The Trojan was launched during the last few days of October, taking advantage of an unpatched Windows vulnerability to infect PCs.
"PDFex only started to circulate at the very end of the month, but still managed to account for over 13 per cent of all emailed malware during October," said Carole Theriault, senior security consultant at Sophos.
"It was heavily spammed out between 26 and 28 October, and accounted for a staggering two thirds of all malware spread via email."
PDFs have long been used in business as a means of sharing information, so the social engineering trick of using a PDF puts insufficiently protected businesses at risk, according to Sophos.
"Adobe has issued an update to its Acrobat software that fixes the problem, and eyes are now turned to Microsoft to patch the underlying flaw in Windows which could affect other vulnerable applications such as Skype and Firefox," warned Theriault.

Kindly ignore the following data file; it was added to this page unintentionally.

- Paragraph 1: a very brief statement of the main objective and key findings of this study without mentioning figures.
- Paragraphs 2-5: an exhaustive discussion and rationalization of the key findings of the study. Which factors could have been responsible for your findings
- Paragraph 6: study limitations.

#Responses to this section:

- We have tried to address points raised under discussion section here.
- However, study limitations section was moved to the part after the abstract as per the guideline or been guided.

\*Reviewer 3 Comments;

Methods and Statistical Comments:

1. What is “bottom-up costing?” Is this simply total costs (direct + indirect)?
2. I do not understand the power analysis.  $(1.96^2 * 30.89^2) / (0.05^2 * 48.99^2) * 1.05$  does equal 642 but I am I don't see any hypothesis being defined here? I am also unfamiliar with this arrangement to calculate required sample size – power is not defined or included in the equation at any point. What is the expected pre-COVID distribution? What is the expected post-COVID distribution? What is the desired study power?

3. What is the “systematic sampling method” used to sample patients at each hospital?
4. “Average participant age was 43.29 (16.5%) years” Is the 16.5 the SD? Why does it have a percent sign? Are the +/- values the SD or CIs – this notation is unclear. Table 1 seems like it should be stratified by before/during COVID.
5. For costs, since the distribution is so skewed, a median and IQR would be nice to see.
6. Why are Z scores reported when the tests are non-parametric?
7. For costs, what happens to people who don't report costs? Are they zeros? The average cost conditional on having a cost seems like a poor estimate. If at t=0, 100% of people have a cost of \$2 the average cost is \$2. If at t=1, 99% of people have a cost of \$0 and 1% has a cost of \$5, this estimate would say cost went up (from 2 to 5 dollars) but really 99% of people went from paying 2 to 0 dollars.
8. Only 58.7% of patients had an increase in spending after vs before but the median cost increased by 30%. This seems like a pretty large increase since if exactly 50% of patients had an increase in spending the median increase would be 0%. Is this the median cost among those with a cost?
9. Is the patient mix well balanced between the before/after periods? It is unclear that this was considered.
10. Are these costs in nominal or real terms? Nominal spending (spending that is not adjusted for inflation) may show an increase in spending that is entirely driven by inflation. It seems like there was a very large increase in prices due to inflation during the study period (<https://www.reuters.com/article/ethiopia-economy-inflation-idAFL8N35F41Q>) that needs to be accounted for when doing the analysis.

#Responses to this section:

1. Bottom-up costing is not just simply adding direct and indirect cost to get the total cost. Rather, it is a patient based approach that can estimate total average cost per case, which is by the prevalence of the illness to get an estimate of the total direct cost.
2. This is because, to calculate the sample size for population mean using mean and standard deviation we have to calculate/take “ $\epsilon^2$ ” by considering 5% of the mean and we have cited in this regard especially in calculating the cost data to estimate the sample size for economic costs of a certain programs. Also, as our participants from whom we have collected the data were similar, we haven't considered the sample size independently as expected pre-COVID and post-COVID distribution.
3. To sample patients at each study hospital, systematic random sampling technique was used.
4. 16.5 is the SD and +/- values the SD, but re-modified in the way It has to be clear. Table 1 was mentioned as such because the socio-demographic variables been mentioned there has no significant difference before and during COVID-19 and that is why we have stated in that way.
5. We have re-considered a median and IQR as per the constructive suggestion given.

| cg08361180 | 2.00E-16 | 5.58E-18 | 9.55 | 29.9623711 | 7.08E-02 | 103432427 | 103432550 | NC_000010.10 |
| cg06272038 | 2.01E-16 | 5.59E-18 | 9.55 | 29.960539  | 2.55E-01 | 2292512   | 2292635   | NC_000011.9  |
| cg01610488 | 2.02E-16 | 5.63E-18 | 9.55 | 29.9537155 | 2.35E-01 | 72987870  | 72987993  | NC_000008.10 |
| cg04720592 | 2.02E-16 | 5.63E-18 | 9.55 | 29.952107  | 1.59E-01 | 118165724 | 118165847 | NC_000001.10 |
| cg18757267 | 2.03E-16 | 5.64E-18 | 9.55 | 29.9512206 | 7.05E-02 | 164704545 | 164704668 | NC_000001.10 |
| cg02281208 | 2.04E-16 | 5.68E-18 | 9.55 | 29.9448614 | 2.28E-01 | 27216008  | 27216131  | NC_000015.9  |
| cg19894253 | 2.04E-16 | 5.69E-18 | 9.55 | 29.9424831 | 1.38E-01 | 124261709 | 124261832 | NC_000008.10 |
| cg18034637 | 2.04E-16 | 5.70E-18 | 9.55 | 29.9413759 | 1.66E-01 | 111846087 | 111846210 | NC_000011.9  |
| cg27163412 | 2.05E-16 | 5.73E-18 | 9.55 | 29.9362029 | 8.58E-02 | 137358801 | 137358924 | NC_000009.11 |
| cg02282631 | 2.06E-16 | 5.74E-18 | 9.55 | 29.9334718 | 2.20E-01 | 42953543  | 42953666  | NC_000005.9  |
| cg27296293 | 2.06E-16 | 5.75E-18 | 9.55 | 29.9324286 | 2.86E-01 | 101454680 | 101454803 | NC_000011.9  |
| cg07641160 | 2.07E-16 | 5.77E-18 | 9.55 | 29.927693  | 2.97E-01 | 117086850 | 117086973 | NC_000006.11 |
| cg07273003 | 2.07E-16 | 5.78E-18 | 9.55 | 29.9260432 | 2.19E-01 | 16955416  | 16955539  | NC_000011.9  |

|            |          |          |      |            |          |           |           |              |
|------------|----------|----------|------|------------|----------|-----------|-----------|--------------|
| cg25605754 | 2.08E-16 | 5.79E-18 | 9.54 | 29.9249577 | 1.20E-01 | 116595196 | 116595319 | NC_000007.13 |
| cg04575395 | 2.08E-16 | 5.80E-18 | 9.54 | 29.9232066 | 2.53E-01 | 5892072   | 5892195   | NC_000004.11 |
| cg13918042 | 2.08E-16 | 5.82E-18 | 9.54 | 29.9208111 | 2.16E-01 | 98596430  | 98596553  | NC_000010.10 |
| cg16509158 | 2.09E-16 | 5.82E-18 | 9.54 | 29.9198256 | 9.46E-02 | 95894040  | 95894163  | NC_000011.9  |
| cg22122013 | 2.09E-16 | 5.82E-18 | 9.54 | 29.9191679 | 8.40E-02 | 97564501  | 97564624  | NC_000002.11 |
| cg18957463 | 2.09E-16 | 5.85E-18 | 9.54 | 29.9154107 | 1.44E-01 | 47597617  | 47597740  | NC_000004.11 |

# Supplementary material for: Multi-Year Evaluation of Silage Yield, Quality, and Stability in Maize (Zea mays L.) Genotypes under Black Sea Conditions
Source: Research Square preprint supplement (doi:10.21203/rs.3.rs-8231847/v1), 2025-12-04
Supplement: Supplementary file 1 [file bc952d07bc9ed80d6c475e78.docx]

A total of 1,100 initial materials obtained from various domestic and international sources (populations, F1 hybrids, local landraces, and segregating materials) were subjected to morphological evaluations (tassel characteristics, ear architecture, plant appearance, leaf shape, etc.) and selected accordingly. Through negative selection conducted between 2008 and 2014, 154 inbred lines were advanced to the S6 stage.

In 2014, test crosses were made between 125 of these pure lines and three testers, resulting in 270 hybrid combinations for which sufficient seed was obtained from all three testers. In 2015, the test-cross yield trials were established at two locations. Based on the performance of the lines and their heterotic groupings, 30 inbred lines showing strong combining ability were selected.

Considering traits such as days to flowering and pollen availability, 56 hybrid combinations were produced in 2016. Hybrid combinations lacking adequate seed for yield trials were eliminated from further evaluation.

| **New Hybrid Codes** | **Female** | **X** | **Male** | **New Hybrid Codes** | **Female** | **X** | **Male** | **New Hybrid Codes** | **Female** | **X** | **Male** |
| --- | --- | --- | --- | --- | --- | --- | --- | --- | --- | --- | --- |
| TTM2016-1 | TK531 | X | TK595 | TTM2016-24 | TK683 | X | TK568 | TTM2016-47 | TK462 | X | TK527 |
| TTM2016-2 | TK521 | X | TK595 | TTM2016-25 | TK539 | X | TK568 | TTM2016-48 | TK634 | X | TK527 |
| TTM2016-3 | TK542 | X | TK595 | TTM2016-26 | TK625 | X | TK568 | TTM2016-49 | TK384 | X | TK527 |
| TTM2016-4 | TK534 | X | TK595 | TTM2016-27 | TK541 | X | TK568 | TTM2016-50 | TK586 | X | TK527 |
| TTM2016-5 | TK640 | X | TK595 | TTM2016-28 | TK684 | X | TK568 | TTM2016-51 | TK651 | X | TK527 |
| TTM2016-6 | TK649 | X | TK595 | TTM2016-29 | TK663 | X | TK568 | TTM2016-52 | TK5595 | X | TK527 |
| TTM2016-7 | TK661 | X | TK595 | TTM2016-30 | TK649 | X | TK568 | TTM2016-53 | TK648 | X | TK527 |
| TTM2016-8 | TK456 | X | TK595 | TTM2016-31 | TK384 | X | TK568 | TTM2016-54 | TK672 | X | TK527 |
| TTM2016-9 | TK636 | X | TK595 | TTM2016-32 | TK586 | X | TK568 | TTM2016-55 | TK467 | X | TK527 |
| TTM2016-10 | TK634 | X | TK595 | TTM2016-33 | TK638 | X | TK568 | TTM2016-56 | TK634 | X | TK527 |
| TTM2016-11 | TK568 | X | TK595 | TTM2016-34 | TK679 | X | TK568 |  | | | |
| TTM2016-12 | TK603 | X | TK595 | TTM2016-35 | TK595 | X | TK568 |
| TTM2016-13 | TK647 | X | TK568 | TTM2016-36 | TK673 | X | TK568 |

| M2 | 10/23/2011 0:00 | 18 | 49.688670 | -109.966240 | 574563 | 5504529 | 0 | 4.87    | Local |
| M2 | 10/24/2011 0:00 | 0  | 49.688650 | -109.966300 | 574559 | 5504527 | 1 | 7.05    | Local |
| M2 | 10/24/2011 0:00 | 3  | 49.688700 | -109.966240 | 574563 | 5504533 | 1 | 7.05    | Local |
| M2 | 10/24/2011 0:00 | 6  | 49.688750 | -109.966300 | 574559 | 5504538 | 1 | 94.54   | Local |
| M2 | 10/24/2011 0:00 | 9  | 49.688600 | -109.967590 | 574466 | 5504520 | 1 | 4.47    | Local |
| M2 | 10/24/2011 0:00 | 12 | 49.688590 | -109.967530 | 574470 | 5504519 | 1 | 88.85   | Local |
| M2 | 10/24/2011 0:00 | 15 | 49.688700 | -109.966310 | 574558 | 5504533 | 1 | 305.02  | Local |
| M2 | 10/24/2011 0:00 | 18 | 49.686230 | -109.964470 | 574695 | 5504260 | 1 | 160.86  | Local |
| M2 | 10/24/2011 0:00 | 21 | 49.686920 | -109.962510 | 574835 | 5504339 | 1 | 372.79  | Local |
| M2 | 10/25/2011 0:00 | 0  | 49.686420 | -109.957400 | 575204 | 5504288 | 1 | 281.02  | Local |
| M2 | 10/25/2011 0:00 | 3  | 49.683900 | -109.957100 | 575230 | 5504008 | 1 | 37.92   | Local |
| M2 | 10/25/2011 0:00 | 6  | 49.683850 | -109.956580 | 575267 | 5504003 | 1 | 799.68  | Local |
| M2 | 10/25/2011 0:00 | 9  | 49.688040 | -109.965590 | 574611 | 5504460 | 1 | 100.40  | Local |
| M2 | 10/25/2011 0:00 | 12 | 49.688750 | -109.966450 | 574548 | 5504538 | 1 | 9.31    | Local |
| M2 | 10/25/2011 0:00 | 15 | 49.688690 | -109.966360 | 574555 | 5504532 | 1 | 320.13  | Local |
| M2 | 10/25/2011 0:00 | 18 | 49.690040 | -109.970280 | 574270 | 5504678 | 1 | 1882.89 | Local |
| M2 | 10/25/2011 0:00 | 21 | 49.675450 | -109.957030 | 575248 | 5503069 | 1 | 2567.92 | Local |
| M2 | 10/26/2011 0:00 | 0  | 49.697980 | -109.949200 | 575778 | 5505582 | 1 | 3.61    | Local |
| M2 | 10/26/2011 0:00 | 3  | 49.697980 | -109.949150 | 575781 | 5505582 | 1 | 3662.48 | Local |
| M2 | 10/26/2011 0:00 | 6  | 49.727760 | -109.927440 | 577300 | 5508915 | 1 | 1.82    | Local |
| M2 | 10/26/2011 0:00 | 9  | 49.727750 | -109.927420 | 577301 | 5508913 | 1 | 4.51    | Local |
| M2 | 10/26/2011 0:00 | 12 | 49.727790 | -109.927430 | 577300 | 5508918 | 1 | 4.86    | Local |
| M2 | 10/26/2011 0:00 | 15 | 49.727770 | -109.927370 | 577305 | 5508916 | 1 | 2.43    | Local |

She added that, although criminals are currently using PDF files to try and infect innocent PCs with malware, there is little evidence of spammers continuing to use PDF files.
The research also indicates a slight decrease in the percentage of infected email. Overall in October, one in every 1,000 emails carried malicious email attachments, compared to one in every 833 during September.
However, web attacks continue to pose a "significant threat", Sophos warned. Mal/Iframe was responsible for almost seven out of every 10 infections found on the web by the security firm.
Cyber-criminals launch PDF malware offensive
By Robert Jaques on Nov 2, 2007 3:06PM